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What does the National Development Plan 2030 mean for youth and artisans in South Africa?

The National Development Plan (NDP) 2030 is a South African policy document developed by the National Planning Commission in 2012 outlining a plan for all races and classes of South Africa to unite and work together towards eliminating poverty and inequality, while achieving a “decent standard of living” for all South Africans including housing, water, electricity, sanitation, safe public transport, quality education, quality healthcare, social protection, adequate nutrition, a clean environment and very importantly, employment.

Paying specific attention to the education section to build a future for South African youth, the National Development plan proposed to “expand the role of state-owned enterprises in training artisans and technical professionals” by producing 30,000 qualified artisans per year (we currently produce less than half of this number) to not only meet the skill demand of the country but the NDP furthermore stated that these are the “activities that provide shock absorbers for extreme poverty and platforms for self-employment” thereby promoting economic advancement. Artisan skills are vital to successfully implement South Africa’s Strategic Infrastructure Projects (SIP’s) such as building of roads, schools, bridges, power stations and harbors.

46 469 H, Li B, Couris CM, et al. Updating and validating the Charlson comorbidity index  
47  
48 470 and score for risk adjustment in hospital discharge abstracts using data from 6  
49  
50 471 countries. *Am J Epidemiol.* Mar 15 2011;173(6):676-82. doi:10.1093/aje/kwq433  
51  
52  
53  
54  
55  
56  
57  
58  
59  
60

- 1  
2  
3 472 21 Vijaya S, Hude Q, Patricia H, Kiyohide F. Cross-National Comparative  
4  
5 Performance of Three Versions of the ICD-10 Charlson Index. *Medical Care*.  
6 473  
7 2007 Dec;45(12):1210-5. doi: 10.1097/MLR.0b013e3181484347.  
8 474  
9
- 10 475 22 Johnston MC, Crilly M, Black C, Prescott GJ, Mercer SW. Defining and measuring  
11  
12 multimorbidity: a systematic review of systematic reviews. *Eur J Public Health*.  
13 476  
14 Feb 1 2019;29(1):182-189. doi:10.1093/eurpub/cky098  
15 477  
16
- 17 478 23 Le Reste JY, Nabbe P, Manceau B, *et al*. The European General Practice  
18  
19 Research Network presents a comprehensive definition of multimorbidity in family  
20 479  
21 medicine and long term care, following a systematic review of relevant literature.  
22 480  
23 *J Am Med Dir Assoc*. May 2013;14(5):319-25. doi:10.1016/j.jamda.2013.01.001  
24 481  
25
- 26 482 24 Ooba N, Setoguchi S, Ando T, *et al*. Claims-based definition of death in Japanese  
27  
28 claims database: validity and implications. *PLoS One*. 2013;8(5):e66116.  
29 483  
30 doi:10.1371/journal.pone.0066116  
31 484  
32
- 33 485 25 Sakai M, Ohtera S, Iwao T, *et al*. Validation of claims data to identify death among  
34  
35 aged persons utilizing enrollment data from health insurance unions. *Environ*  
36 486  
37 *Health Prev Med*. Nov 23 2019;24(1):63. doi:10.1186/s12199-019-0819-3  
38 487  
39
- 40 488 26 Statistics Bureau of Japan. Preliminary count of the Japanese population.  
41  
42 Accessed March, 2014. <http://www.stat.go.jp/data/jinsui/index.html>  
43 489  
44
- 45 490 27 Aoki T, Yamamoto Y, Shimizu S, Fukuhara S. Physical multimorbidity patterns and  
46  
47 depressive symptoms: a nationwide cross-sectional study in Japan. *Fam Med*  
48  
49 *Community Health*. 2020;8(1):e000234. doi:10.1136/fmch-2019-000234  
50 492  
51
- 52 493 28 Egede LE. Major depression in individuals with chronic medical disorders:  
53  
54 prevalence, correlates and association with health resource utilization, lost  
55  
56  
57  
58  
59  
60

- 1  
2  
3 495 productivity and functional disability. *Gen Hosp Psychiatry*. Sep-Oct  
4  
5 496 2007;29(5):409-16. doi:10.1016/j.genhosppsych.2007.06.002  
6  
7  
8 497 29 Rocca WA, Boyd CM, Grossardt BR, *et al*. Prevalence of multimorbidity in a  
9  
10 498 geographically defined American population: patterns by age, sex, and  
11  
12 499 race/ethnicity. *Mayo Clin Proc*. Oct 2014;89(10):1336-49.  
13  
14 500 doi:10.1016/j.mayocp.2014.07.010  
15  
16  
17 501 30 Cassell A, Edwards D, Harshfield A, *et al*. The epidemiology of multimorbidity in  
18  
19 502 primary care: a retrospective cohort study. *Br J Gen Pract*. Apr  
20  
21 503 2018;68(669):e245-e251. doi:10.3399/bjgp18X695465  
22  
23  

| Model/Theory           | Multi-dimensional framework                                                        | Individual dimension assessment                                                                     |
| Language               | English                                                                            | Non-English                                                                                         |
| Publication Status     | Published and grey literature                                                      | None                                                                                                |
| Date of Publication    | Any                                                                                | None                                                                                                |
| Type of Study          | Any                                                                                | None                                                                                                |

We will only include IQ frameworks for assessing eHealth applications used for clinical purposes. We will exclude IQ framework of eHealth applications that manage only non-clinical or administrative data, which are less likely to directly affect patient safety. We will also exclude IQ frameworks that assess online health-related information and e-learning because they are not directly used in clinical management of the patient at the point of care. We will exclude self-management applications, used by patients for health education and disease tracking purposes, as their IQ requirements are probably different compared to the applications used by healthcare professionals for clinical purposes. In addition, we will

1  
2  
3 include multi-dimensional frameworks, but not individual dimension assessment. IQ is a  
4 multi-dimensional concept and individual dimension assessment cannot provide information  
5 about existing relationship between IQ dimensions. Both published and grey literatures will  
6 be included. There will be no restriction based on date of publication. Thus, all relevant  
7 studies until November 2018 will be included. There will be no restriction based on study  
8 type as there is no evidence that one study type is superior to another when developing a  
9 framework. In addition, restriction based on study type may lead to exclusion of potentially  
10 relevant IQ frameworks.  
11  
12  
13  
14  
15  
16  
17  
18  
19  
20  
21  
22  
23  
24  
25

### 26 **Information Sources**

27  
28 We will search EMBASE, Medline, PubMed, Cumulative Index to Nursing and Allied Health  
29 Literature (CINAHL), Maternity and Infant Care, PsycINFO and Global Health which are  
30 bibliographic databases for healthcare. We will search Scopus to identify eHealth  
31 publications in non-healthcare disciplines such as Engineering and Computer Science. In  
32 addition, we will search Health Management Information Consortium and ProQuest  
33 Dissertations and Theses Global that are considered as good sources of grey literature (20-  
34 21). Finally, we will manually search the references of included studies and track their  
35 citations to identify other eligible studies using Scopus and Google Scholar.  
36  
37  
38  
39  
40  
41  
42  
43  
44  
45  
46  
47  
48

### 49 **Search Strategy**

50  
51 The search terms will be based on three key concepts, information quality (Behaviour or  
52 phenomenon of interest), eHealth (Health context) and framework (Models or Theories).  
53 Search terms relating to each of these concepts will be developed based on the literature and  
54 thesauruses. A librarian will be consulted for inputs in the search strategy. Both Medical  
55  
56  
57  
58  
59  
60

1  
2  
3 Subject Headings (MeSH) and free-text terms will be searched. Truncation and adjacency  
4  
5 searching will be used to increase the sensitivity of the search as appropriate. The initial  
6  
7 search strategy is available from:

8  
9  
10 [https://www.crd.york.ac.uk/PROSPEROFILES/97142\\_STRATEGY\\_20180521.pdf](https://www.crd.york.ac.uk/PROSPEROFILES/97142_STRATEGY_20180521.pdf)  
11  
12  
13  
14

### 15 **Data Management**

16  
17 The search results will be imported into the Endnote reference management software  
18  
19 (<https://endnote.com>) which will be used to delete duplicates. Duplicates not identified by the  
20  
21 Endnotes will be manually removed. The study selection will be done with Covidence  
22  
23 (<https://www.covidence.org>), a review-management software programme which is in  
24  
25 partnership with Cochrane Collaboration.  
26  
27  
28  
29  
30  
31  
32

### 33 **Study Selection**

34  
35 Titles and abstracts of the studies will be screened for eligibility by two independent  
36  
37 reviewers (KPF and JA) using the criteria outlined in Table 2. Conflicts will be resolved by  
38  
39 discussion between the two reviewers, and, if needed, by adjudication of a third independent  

Some of the trades that have been identified by the Department of Higher Education and Training (DHET) as being in high demand include diesel mechanics, instrument technicians, riggers, auto electricians and millwirghts.

So what does this mean for the youth in South Africa and those currently deciding on what career path to take, or even those who have already enrolled to study at a technical college?

In short, it means that not only are there potentially huge employment, self employment and economic growth opportunities in technical and vocational trades for qualified artisans, but furthermore that this drive is supported and promoted by our Government’s National Development policy as well as the Department of Higher Education and Training (DHET) who in 2014 launched it’s Decade of the Artisan campaign promoting  artisanship as a career of choice to South African youths. The National Development Plan calls on all South Africans to unite  and this means that the whole country is committed to working together with you to succeed.

Many youth in South Africa may face financial challenges and limitations when it comes to funding their desired artisanship or trade qualification. Additionally, Adcorp Group CEO Dr. John Wentzel pointed out, in his message at the Sasol ATTC Conference in 2021, the reality that there is a general negative perception surrounding artisans, tradesmen and technical qualifications within the South African community. Adcorp Group is committed to driving technical and vocational training among young people and especially black females in South Africa, as well as post qualification employment by creating awareness and addressing the financial challenges as well as the negative discourse around artisanship and trade work.

Trade qualifications are the new deal, supported by guaranteed demand and opportunity for those who seek them. So if you’re thinking about what subjects to choose going into Grade 10, if you’re leaving school at the end of the year and deciding what to study, if you’re deciding on what career path to take then think about trades. Look up your local TVET college Colleges South Africa – TVET Colleges ( to find out more about what technical qualification you would like to pursue, join a growing Facebook community of artisans (2) Artisans South Africa | Facebook and get started on your artisan journey. We’re almost certain you won’t look back.

If you would like the full copy of the NDP 2030, get it here: National Development Plan 2030: Our future – make it work (

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